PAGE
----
A widow is a woman whose husband has died. Often in Scripture, when widows are referred to, it appears to carry the idea of a woman whose husband has died who also has no one to provide for her.
Thus, widows are often grouped with vulnerable members of society such as the fatherless, aliens, and the poor (Deuteronomy 14:29; 16:11; 24:20; 26:12). The Bible says widows are to be treated with honor and compassion and offered protection so that no one takes advantage of them.
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In ancient times, the primary purpose of women in marriage was to produce children and heirs to carry on the family line. A childless widow endured double adversity, with no husband to provide for and protect her, and no son to carry on the family name and care for her in her old age. She might have been considered a disgrace to her family and left in a precarious position.
God recognized the widow’s plight and rose to her defense: “A father to the fatherless, a defender of widows, is God in his holy dwelling” (Psalm 68:5). A person who denied justice to a widow was cursed by God: “Cursed is anyone who withholds justice from the foreigner, the fatherless or the widow” (Deuteronomy 27:19). Laws and special provisions were put in place to safeguard widows against neglect and abuse.
At harvest time, widows could glean in the fields of grain and gather leftover grapes and olives: “When you are harvesting in your field and you overlook a sheaf, do not go back to get it. Leave it for the foreigner, the fatherless and the widow, so that the LORD your God may bless you in all the work of your hands” (Deuteronomy 24:19).
The primary Old Testament law that protected widows from poverty and cruel treatment was that of the levirate marriage. The purpose of the law was to ensure that a man who died before producing a son might still be guaranteed a male heir. The unmarried brother of the widow’s husband would take the widow as his wife and perform “the levirate duty.” The first son born to the widow was regarded as the legal descendant of her deceased husband. The law of levirate marriage is illustrated in the stories of Tamar and Onan and of Ruth and Boaz.
In the New Testament, widows are also given special consideration. Proper religious work, according to God, involves caring for widows and orphans: “Religion that God our Father accepts as pure and faultless is this: to look after orphans and widows in their distress and to keep oneself from being polluted by the world” (James 1:27). Jesus condemned the Pharisees for their ill-treatment of widows (Mark 12:40).
God has deep compassion for those who are left alone, and the church is to demonstrate that same compassion. In 1 Timothy 5, the apostle Paul gives a detailed outline of how the church and individual families are to care for widows.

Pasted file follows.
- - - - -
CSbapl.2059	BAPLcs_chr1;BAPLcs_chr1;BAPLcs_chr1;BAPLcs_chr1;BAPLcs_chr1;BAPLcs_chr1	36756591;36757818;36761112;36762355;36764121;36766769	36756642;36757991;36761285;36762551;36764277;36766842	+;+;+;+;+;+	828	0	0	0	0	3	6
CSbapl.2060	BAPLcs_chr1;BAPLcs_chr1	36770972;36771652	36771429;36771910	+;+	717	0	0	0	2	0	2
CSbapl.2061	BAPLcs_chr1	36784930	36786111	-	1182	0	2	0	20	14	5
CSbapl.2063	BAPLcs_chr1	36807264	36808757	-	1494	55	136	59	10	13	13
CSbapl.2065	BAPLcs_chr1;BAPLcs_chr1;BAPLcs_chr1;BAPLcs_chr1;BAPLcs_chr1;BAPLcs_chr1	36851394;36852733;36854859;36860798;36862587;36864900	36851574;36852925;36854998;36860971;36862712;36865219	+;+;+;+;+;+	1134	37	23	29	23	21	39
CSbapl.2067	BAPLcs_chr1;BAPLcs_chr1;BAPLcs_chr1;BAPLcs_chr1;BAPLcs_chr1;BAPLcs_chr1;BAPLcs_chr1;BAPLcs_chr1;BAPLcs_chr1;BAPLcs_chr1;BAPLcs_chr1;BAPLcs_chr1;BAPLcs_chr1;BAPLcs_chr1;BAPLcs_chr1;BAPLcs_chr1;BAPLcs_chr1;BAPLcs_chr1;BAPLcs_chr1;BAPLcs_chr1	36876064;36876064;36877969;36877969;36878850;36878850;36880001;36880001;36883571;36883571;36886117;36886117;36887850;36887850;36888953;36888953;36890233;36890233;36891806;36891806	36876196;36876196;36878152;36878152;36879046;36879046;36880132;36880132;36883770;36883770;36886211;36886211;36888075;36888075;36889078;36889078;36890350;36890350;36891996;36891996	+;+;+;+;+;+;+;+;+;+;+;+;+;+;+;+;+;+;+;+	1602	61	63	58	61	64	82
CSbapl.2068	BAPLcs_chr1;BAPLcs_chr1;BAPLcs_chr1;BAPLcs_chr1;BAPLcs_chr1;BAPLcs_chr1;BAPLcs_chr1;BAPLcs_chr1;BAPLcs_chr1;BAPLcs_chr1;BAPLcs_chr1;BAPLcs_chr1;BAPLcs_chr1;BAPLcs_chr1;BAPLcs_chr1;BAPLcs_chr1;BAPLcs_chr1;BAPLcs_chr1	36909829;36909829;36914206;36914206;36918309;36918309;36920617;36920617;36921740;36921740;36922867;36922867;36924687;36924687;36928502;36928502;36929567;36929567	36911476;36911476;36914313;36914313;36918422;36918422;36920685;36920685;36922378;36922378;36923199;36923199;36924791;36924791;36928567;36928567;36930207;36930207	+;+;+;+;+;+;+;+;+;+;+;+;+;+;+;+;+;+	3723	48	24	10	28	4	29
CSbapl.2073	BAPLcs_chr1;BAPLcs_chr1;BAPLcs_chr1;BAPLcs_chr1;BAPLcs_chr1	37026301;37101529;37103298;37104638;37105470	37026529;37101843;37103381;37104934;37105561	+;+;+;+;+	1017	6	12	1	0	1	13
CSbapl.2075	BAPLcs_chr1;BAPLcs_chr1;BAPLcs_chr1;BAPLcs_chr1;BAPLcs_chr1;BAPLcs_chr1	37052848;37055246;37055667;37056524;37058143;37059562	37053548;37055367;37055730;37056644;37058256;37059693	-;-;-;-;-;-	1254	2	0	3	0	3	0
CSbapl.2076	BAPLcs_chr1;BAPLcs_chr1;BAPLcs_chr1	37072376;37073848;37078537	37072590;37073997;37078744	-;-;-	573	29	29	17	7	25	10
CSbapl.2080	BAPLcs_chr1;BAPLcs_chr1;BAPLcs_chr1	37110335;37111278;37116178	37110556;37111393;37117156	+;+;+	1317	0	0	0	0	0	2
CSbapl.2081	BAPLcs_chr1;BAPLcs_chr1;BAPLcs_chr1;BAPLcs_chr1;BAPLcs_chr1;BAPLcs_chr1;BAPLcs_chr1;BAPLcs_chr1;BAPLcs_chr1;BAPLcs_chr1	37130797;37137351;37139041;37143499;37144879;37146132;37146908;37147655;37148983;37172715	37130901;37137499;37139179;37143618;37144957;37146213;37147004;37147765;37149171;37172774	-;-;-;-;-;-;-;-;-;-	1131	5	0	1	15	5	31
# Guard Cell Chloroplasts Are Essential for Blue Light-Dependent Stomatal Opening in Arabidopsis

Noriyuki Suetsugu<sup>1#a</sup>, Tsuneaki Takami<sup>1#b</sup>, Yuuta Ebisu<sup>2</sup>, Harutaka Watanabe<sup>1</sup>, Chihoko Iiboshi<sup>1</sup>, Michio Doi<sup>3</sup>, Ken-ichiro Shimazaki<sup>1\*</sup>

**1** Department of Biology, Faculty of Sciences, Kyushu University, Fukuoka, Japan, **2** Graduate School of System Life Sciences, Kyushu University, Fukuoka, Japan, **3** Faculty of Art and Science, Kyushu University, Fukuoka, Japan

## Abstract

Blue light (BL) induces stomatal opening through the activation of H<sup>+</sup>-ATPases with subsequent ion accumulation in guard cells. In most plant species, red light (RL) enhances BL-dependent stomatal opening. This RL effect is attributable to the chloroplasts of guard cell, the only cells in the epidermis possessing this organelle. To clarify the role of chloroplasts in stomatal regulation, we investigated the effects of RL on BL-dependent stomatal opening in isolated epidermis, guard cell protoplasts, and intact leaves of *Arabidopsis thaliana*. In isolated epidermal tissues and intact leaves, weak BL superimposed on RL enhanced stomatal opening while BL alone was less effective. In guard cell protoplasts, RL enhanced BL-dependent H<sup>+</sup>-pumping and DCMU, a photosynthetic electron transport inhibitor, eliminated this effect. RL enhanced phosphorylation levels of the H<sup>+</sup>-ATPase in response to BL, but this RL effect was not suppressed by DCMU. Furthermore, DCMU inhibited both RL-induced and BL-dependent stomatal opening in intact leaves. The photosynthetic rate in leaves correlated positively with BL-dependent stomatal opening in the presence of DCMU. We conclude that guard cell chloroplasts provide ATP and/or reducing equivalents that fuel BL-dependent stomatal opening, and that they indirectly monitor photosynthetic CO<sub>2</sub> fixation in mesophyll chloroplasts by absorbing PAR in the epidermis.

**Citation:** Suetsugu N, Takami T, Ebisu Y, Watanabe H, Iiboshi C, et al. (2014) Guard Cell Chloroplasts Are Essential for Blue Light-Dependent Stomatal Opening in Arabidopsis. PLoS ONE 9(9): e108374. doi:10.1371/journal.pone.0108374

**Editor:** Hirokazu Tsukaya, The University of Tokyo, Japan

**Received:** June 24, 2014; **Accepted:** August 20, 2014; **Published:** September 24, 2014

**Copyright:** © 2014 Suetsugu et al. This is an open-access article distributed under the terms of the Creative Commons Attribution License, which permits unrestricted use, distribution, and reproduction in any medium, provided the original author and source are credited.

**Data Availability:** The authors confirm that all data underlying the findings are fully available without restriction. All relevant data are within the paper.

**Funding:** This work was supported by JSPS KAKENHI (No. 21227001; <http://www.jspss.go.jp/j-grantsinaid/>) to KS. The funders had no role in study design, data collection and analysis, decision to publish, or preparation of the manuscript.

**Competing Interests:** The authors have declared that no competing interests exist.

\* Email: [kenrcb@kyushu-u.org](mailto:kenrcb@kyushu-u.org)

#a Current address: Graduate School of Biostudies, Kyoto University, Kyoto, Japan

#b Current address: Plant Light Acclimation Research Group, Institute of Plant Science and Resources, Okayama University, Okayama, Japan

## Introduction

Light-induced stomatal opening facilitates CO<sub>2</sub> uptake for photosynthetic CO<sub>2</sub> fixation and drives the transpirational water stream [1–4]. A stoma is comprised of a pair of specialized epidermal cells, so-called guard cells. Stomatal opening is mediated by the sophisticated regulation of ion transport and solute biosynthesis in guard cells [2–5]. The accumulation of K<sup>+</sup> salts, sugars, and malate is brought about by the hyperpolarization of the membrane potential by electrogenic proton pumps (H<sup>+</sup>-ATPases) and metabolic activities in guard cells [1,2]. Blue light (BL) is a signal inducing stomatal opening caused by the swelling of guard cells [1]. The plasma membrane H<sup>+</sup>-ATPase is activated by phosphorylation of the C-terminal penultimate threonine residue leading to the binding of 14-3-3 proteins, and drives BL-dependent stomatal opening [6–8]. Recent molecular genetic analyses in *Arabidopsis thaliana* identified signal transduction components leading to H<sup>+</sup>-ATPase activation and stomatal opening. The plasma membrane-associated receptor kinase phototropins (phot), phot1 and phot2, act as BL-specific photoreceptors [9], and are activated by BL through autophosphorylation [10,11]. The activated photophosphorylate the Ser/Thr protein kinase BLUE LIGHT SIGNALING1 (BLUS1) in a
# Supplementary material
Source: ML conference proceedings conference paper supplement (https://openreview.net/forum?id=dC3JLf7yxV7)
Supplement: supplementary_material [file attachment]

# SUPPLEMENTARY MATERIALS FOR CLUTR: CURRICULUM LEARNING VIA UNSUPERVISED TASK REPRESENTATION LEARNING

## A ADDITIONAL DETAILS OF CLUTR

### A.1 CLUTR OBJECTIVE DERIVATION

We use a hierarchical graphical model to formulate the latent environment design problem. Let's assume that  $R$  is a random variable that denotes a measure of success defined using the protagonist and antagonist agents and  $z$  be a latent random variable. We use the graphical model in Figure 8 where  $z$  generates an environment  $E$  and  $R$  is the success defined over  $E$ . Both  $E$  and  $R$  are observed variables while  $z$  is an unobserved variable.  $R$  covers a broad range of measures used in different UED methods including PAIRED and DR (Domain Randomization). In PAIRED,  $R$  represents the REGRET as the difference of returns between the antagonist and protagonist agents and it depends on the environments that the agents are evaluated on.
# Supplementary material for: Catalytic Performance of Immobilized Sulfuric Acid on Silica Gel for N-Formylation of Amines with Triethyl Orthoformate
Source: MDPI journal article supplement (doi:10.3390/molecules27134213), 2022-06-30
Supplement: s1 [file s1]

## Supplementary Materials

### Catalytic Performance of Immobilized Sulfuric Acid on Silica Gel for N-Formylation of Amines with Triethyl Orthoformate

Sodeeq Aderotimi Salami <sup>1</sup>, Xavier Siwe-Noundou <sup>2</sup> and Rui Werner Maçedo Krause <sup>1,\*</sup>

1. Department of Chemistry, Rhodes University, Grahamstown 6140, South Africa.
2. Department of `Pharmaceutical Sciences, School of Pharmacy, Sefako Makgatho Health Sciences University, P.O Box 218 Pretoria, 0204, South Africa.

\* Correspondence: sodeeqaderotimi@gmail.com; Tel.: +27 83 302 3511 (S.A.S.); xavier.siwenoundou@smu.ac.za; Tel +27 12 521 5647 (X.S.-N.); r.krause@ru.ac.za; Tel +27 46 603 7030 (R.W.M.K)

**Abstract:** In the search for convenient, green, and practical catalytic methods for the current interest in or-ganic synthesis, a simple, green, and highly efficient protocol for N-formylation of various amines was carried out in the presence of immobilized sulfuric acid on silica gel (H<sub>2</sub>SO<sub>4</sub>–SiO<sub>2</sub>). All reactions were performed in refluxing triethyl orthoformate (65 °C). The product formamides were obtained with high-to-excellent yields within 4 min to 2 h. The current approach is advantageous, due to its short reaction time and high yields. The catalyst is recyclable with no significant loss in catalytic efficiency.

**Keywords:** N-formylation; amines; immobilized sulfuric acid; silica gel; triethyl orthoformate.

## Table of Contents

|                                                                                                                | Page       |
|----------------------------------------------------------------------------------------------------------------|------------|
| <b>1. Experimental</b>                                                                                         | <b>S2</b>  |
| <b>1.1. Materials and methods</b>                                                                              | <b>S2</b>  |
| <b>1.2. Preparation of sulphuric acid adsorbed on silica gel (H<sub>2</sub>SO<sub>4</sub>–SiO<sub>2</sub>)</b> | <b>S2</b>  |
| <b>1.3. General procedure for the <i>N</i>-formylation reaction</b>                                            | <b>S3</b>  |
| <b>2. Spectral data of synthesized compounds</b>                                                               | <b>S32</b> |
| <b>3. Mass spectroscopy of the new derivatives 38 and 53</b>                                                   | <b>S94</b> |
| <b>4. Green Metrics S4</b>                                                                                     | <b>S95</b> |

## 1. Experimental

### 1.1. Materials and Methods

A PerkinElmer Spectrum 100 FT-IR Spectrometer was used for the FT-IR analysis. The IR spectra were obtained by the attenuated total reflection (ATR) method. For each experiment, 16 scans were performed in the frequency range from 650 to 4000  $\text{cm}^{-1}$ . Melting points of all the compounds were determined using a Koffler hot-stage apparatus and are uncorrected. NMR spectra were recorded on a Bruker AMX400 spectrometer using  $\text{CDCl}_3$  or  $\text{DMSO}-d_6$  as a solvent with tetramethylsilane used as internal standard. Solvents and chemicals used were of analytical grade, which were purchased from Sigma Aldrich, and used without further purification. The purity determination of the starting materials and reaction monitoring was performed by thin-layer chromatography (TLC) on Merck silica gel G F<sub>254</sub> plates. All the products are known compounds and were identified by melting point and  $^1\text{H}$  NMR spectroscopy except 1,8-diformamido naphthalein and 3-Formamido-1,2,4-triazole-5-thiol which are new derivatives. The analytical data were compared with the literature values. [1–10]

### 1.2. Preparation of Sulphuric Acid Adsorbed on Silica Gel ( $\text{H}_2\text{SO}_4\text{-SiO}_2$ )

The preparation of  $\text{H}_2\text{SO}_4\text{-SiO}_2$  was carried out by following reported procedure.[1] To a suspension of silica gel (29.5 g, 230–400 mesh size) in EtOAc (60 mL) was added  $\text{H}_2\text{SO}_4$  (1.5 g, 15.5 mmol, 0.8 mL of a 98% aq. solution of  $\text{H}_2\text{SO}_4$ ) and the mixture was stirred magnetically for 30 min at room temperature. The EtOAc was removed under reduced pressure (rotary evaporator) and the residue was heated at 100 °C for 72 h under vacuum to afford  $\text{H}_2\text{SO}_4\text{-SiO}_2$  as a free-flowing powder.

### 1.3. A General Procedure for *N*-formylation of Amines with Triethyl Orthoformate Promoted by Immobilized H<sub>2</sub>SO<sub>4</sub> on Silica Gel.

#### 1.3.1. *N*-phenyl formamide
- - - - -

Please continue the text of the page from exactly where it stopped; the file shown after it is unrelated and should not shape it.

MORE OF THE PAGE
According to Paul, a widow who received financial and material support from the church had to meet certain qualifications. First and foremost, the widow had to be truly in need and completely alone in the world: “But if a widow has children or grandchildren, these should learn first of all to put their religion into practice by caring for their own family and so repaying their parents and grandparents, for this is pleasing to God” (1 Timothy 5:4).
It is the duty and obligation of families to care for their aging and needy family members. Christian children and grandchildren have a special privilege and opportunity to put their faith in action by giving back love and support to their parents and grandparents, and especially to widows who are alone.
Today’s Western societies, where independence takes precedence over family relationships, have lost sight of the value of God’s purpose for creating extended families. But among God’s people, families ought to be the primary source of support for widows.
Paul goes on to give guidelines for a widow to be eligible to receive the church’s support. Besides having no one to take care of her, she ought to be a woman of prayer, a dedicated servant of the Lord, more than sixty years of age, faithful to her husband when he was alive, and committed to good deeds like caring for children, showing hospitality, and serving God’s people (1 Timothy 5:9–10). Apparently, in order to receive charity in the early Christian church, eligible widows were enrolled on a list (verse 11). The age designation was likely because sixty was considered the age of retirement in the first century, and these women were probably past the age of remarrying. Younger widows were more likely to remarry; in fact, Paul counsels them to do so (verse 14).
Since God honors widows and treats them with compassion, believers should do the same: “Learn to do right; seek justice. Defend the oppressed. Take up the cause of the fatherless; plead the case of the widow” (Isaiah 1:17).